Connor, Leslie. 2008. Waiting for normal. New York: Harper Collins.
“Truth was I never really liked dinnertime. Breakfast was our best meal because it was the only meal that was normal. What I mean by that is we had either toast or cereal. That’s normal for breakfast – everyone eats those things for breakfast. But we often had cereal or toast for dinner, too. … So, toast dinners became my specialty.”
Addie and Mommers live in a dilapidated trailer, sitting on cinder blocks on a busy street corner in Schenectady. The corner, not in Schenectady’s best part of town, has a vacant lot, a Laundromat, and thankfully, a mini mart and gas station. The trailer is a parting gesture from Addie’s ex-stepfather. After Mommers fritters away the mortgage money on another Internet scheme and abandons Addie and her half-sisters while Dwight is out of town on a job, Dwight really has no other choice but to take his daughters (whom Addie affectionately calls, The Littles) and move on. But despite his love for her, Addie is not his daughter. Addie belongs to Mommers, and Mommers is what Addie describes as "all or nothing." The problem is, Addie often gets nothing, while business schemes, boyfriends, and Internet chat rooms, get all.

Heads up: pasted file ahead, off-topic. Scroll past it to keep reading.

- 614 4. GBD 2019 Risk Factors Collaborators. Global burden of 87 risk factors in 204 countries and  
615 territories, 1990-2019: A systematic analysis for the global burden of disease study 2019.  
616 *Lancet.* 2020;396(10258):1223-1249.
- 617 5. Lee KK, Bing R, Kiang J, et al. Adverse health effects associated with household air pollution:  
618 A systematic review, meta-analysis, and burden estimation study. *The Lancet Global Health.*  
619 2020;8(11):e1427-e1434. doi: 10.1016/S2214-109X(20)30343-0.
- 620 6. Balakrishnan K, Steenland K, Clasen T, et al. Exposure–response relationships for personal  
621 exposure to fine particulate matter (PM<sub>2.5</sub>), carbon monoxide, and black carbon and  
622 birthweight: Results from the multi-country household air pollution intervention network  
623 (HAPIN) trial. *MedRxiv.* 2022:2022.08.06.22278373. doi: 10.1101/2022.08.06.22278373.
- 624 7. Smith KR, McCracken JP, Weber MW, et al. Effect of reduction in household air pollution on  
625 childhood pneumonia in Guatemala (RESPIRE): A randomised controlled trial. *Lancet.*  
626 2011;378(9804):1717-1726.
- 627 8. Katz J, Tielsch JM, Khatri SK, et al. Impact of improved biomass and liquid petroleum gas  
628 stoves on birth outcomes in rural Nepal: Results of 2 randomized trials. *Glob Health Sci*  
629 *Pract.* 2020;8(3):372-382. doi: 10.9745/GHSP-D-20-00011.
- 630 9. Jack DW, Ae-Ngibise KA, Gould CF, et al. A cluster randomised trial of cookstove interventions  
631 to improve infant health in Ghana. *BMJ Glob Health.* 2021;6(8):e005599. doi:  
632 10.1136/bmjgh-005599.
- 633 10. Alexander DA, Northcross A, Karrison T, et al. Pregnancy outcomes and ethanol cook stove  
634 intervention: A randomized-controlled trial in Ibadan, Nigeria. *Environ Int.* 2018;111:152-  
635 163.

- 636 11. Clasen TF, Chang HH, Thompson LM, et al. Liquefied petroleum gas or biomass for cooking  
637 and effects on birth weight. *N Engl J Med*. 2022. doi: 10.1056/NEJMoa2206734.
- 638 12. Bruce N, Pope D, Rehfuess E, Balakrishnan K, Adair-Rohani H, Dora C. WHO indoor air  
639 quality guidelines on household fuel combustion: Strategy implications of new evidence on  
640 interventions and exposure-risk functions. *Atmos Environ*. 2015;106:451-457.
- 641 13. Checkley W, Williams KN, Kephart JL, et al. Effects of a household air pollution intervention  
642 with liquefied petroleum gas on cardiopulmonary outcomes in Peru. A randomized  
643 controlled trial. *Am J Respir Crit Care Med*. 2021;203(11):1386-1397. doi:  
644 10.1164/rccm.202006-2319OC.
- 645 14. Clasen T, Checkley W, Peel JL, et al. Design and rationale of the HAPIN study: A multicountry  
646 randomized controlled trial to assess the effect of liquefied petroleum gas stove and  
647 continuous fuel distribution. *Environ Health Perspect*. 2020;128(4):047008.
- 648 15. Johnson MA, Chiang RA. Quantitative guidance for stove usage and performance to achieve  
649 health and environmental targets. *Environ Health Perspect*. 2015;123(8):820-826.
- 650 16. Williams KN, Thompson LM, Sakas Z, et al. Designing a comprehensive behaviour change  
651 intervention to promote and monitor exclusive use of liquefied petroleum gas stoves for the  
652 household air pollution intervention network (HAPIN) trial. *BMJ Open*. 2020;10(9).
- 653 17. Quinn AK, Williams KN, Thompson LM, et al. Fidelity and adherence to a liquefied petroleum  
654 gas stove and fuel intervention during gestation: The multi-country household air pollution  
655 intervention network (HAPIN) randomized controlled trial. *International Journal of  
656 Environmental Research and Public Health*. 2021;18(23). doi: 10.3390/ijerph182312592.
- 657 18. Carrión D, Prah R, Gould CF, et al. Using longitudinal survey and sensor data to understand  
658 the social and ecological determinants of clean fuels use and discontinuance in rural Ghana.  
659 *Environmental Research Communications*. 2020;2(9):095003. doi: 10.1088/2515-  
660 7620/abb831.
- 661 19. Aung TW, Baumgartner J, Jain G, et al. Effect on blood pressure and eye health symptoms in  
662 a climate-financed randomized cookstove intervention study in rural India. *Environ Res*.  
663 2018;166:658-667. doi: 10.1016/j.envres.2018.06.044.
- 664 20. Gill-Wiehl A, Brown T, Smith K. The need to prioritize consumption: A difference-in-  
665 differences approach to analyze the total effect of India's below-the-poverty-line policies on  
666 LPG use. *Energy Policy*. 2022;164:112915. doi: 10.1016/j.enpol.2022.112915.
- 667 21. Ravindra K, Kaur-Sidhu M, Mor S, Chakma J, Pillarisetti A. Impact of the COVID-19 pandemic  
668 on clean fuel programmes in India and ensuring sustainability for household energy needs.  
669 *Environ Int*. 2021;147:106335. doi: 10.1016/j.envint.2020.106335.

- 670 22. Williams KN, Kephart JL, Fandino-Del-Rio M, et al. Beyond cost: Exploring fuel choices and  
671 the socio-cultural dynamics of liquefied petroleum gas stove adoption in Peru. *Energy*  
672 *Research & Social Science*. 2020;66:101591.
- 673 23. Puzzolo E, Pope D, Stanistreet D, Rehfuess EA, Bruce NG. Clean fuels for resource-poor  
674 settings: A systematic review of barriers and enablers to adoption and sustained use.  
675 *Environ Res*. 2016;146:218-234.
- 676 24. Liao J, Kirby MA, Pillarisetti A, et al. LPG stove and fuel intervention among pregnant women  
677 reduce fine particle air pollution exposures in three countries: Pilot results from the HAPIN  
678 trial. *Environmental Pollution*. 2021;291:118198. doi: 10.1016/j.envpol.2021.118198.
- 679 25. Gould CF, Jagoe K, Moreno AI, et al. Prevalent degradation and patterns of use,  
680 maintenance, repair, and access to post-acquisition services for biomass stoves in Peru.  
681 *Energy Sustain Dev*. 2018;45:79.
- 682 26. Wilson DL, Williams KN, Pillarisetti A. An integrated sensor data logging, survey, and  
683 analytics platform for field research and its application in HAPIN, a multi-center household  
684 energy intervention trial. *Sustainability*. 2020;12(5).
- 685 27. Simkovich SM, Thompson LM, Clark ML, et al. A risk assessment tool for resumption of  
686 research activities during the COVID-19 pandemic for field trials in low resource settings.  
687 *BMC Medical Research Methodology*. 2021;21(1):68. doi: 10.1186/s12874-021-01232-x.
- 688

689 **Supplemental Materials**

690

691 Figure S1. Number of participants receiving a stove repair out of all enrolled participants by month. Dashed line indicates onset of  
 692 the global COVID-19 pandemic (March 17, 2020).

In spite of all this, Addie displays remarkable courage, self-sufficiency, adaptability, honesty and humor. She becomes friends with Soula, the sickly and overweight owner of the mini mart and and her employee, Elliot. She makes new friends at her new school. She waits for normal.
This first person account of a young girl's triumph over adversity is reminiscent of Susan Patron's Newbery winner, The Higher Power of Lucky, however, Connor's protagonist is more hopeful, more believable. Even the dismal Schenectady street corner trailer seems to offer more promise than Lucky's trailer in a remote California desert town.
Both a coming-of-age and a triumph over adversity story, Waiting for Normal is a winner.
Rumor has Waiting for Normal as a possible Newbery contender. If chosen, it will be the second choice in as many years of a young adult (YA) or teen title. As a children's librarian, I hope that juvenile (J) title is chosen instead. There are many good choices this year.